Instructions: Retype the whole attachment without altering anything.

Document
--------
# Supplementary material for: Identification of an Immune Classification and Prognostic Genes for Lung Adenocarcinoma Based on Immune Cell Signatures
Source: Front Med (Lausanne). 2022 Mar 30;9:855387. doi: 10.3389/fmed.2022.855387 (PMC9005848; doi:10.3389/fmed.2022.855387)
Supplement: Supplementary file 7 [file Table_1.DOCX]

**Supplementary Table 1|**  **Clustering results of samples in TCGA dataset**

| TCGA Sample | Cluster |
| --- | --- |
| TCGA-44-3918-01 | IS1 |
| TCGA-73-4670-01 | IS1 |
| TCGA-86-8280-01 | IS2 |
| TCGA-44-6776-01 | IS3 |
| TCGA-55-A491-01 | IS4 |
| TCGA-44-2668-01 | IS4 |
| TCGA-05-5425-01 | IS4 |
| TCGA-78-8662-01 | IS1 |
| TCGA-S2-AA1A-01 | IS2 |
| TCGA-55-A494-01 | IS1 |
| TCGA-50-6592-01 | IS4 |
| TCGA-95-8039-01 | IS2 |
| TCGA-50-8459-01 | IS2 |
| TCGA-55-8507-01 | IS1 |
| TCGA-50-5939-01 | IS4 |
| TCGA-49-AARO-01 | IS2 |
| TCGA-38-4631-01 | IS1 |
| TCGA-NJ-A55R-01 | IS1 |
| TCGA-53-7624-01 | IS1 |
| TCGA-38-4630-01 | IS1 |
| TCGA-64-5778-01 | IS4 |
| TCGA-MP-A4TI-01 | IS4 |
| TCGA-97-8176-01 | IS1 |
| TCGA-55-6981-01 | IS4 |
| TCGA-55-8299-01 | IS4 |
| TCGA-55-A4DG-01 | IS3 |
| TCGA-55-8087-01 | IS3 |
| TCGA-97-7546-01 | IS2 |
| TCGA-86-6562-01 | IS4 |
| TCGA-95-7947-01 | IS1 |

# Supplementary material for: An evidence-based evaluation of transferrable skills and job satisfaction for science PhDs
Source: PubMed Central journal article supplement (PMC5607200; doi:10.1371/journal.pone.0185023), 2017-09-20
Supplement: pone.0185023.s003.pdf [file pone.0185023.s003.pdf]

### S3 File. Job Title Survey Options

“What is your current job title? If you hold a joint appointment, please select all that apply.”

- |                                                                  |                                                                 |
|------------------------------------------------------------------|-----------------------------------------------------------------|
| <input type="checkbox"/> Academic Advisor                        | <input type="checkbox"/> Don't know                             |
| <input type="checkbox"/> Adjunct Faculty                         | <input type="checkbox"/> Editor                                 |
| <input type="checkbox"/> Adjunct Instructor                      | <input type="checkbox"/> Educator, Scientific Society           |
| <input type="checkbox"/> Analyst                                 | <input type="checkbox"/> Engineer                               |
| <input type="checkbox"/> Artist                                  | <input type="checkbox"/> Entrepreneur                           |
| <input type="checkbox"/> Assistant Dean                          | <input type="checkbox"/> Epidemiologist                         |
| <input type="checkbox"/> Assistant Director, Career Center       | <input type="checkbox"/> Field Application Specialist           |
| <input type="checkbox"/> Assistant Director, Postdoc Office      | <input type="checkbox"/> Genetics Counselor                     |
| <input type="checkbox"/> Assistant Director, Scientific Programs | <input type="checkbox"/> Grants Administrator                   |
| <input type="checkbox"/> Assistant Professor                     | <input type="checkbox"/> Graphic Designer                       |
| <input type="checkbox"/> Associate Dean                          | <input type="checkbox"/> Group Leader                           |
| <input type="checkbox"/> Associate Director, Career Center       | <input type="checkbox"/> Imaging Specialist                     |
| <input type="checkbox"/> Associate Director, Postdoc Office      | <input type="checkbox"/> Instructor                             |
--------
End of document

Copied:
# Supplementary material for: Identification of an Immune Classification and Prognostic Genes for Lung Adenocarcinoma Based on Immune Cell Signatures
Source: Front Med (Lausanne). 2022 Mar 30;9:855387. doi: 10.3389/fmed.2022.855387 (PMC9005848; doi:10.3389/fmed.2022.855387)
Supplement: Supplementary file 7 [file Table_1.DOCX]

**Supplementary Table 1|**  **Clustering results of samples in TCGA dataset**

| TCGA Sample | Cluster |
| --- | --- |
| TCGA-44-3918-01 | IS1 |
| TCGA-73-4670-01 | IS1 |
| TCGA-86-8280-01 | IS2 |
| TCGA-44-6776-01 | IS3 |
| TCGA-55-A491-01 | IS4 |
| TCGA-44-2668-01 | IS4 |
| TCGA-05-5425-01 | IS4 |
| TCGA-78-8662-01 | IS1 |
| TCGA-S2-AA1A-01 | IS2 |
| TCGA-55-A494-01 | IS1 |
| TCGA-50-6592-01 | IS4 |
| TCGA-95-8039-01 | IS2 |
| TCGA-50-8459-01 | IS2 |
| TCGA-55-8507-01 | IS1 |
| TCGA-50-5939-01 | IS4 |
| TCGA-49-AARO-01 | IS2 |
| TCGA-38-4631-01 | IS1 |
| TCGA-NJ-A55R-01 | IS1 |
| TCGA-53-7624-01 | IS1 |
| TCGA-38-4630-01 | IS1 |
| TCGA-64-5778-01 | IS4 |
| TCGA-MP-A4TI-01 | IS4 |
| TCGA-97-8176-01 | IS1 |
| TCGA-55-6981-01 | IS4 |
| TCGA-55-8299-01 | IS4 |
| TCGA-55-A4DG-01 | IS3 |
| TCGA-55-8087-01 | IS3 |
| TCGA-97-7546-01 | IS2 |
| TCGA-86-6562-01 | IS4 |
| TCGA-95-7947-01 | IS1 |

# Supplementary material for: An evidence-based evaluation of transferrable skills and job satisfaction for science PhDs
Source: PubMed Central journal article supplement (PMC5607200; doi:10.1371/journal.pone.0185023), 2017-09-20
Supplement: pone.0185023.s003.pdf [file pone.0185023.s003.pdf]

### S3 File. Job Title Survey Options

“What is your current job title? If you hold a joint appointment, please select all that apply.”

- |                                                                  |                                                                 |
|------------------------------------------------------------------|-----------------------------------------------------------------|
| <input type="checkbox"/> Academic Advisor                        | <input type="checkbox"/> Don't know                             |
| <input type="checkbox"/> Adjunct Faculty                         | <input type="checkbox"/> Editor                                 |
| <input type="checkbox"/> Adjunct Instructor                      | <input type="checkbox"/> Educator, Scientific Society           |
| <input type="checkbox"/> Analyst                                 | <input type="checkbox"/> Engineer                               |
| <input type="checkbox"/> Artist                                  | <input type="checkbox"/> Entrepreneur                           |
| <input type="checkbox"/> Assistant Dean                          | <input type="checkbox"/> Epidemiologist                         |
| <input type="checkbox"/> Assistant Director, Career Center       | <input type="checkbox"/> Field Application Specialist           |
| <input type="checkbox"/> Assistant Director, Postdoc Office      | <input type="checkbox"/> Genetics Counselor                     |
| <input type="checkbox"/> Assistant Director, Scientific Programs | <input type="checkbox"/> Grants Administrator                   |
| <input type="checkbox"/> Assistant Professor                     | <input type="checkbox"/> Graphic Designer                       |
| <input type="checkbox"/> Associate Dean                          | <input type="checkbox"/> Group Leader                           |
| <input type="checkbox"/> Associate Director, Career Center       | <input type="checkbox"/> Imaging Specialist                     |
| <input type="checkbox"/> Associate Director, Postdoc Office      | <input type="checkbox"/> Instructor                             |